In what could be seen as the legislative version of a food fight, dieticians and nutritional specialists are squaring off over a bill that would specify who can legally advise New Jerseyans on what they should or shouldn't eat.
The bill (/S-833) would require that anyone who works as a dietitian or nutritionist meet a series of criteria, including having a related college degree and completing an internship.
The diet dispute is a part of a national legislative battle between the two professional groups, which maintain different educational qualifications, as well as different membership standards and examinations. Certified nutrition specialists generally have graduate degrees but don’t have the same internship requirements as registered dietitians, which is an older credential.
Officials with the New Jersey Dietetic Association argue that the bill is a needed step to prevent untrained practitioners from misleading residents about their qualifications. In addition, they say, it would head off the chance that dietitians would lose funding under licensure requirements in the 2010 Affordable Care Act. The association represents the state’s registered dietitians, who make up the majority of nutrition professionals in the state.
But a smaller group that holds a separate qualification as certified nutritional specialists said the bill would exclude them from practicing and lead them to leave the state.
Assemblyman Herb Conaway Jr. said he sponsored the bill because of the growing recognition that nutritional guidance is essential in treating or preventing chronic conditions and avoiding preventable hospital stays and medication use.
“One of the concerns we’ve had is that folks have represented themselves as having skill or training in an area without having an educational background in that area,” Conaway said.
Dietetic Association lobbyist A.J. Sabath said patients should know that nutrition services that they’re receiving come from a credible source. New Jersey is one of four states that doesn't regulate those who describe themselves as “nutritionists.”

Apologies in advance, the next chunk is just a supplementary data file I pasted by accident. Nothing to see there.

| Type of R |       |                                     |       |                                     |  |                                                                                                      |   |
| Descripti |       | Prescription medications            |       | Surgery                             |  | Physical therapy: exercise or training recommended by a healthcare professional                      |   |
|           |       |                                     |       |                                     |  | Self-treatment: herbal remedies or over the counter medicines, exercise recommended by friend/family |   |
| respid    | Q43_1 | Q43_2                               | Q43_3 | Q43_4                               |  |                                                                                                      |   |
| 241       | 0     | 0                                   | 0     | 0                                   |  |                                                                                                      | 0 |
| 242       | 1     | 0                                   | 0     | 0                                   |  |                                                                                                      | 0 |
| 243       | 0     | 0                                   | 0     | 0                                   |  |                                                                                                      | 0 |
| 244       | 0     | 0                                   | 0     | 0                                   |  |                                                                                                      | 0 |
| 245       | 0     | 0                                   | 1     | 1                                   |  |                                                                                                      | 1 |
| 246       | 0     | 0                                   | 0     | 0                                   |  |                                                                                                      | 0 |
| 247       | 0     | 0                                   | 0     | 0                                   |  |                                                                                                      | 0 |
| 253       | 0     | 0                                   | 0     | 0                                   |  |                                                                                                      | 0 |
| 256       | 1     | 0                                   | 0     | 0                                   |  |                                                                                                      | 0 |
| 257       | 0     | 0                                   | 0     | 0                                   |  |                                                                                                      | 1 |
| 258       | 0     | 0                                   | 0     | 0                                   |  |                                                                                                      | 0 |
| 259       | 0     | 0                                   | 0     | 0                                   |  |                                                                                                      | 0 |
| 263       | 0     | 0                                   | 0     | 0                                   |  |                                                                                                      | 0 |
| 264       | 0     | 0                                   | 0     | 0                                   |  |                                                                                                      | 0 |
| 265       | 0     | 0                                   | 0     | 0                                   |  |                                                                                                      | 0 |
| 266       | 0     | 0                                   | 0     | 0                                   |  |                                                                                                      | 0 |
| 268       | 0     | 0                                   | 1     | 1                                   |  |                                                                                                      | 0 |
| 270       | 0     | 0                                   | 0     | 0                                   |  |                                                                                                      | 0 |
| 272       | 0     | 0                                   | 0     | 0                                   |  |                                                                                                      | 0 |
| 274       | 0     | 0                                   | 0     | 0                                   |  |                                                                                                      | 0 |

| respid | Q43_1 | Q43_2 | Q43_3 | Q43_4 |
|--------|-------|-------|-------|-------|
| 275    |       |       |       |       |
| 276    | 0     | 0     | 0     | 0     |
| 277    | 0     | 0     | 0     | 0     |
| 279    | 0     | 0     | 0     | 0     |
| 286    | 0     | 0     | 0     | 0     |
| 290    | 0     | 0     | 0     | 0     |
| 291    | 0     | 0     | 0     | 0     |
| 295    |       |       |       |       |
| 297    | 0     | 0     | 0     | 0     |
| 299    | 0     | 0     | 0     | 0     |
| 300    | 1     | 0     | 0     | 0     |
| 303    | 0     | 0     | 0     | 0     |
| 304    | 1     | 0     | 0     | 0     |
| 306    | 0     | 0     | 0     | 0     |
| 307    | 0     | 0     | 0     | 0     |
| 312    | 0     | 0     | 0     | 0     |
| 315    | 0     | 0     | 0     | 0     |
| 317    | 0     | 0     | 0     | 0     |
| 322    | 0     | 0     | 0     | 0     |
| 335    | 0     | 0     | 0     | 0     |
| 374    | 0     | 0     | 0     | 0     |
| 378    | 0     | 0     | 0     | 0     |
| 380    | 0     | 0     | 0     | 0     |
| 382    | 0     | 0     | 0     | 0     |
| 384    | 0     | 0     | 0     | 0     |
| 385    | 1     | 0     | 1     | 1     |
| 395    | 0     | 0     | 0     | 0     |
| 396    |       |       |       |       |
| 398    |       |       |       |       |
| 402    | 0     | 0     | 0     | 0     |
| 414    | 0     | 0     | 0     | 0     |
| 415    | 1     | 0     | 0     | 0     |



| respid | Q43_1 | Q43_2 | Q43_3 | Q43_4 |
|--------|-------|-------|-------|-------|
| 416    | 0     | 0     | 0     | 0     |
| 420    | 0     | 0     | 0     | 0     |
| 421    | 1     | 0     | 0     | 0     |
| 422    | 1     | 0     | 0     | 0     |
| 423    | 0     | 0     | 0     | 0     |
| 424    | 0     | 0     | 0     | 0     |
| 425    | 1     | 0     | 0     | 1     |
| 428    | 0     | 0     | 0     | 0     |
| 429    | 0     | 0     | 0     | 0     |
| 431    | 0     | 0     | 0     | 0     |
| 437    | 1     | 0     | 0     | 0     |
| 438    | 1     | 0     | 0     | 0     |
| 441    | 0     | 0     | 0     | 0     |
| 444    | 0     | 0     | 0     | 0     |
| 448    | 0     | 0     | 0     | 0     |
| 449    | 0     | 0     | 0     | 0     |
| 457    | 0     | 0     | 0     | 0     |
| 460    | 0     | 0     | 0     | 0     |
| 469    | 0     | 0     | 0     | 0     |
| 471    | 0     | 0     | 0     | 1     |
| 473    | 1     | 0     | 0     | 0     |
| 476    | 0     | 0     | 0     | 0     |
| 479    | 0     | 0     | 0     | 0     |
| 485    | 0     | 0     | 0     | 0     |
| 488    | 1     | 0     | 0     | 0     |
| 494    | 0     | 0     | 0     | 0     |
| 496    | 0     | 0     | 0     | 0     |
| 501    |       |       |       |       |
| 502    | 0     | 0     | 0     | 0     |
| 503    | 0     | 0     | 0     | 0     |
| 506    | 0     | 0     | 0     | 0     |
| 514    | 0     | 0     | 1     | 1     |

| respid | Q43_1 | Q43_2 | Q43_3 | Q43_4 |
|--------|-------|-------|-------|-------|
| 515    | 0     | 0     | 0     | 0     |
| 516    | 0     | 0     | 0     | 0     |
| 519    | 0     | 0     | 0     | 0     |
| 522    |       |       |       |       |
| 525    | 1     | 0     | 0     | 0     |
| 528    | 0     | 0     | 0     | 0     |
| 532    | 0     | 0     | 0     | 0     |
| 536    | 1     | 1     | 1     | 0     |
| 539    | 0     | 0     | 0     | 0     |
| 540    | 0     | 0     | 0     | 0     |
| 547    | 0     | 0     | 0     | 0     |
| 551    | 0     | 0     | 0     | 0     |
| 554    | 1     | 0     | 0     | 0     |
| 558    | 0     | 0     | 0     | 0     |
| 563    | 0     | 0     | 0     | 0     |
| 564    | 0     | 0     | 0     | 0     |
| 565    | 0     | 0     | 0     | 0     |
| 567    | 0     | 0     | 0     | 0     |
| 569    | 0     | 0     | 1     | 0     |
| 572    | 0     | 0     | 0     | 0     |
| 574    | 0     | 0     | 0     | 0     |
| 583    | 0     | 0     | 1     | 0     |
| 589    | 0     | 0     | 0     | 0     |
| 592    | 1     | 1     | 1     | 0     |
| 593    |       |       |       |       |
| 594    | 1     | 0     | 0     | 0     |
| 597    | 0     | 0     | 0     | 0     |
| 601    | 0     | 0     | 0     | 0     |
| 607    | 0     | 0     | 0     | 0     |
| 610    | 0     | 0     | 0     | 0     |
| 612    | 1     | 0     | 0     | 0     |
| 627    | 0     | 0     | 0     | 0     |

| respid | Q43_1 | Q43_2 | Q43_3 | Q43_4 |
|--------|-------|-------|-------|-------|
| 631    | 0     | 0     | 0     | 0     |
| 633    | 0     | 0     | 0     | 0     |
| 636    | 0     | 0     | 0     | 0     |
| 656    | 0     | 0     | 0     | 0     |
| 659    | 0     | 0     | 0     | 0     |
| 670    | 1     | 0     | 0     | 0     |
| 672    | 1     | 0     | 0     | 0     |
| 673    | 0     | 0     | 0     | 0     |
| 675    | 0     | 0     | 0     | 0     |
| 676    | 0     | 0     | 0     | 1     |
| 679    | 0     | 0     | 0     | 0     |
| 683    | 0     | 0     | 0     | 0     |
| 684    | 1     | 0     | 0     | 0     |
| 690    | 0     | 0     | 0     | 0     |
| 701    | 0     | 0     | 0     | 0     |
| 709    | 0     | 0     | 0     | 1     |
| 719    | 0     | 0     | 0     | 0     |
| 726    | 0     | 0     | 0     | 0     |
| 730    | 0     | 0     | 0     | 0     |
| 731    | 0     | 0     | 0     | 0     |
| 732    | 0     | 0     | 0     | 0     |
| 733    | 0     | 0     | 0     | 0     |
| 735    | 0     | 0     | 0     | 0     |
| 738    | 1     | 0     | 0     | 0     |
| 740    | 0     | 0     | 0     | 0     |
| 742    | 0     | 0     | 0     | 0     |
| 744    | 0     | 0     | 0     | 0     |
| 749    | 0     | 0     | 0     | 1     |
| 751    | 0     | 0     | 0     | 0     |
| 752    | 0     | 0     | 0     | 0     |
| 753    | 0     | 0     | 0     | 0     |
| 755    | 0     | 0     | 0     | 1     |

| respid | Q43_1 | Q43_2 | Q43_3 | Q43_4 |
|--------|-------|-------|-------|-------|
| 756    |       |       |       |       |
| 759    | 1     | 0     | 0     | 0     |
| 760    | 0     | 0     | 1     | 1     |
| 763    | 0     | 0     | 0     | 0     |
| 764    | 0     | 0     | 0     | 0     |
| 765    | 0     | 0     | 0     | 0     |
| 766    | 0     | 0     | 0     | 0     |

Registered dieticians, in contrast, must be members of the Academy of Nutrition and Dietetics.
“There’s a real public safety concern, because anyone can represent themselves as anything other than as a registered dietitian -- because that is a protected title -- and claim to provide nutrition education, counseling, medical-based therapy, life coach, whatever it may be,” Sabath said.
Registered dietician Patricia Davidson said that while all dieticians receive training to serve as nutritionists, not all nutritionists could be dietitians.
But several certified nutrition specialists said that the bill would allow registered dieticians to oversee the new licenses. They would instead like to see the state recognize their group’s educational standards and exams as an alternative.
Shelly Weinstock, a certified nutrition specialist, said that despite having a doctorate in nutritional biochemistry from MIT, she would be barred from practicing in the state without taking a 1,200-hour internship, which registered dieticians must complete.
Inna Topiler Mooney, also a certified nutrition specialist, said that the bill threatens not only her, but also her four employees and the various businesses that she recommends clients to.
The Assembly Health and Senior Services Committee released the bill on Thursday. Assemblywoman Nancy F. Munoz (R-Morris, Somerset, and Union) said she hopes the bill is amended to allow certified nutrition specialists to practice before the full Assembly votes on the measure.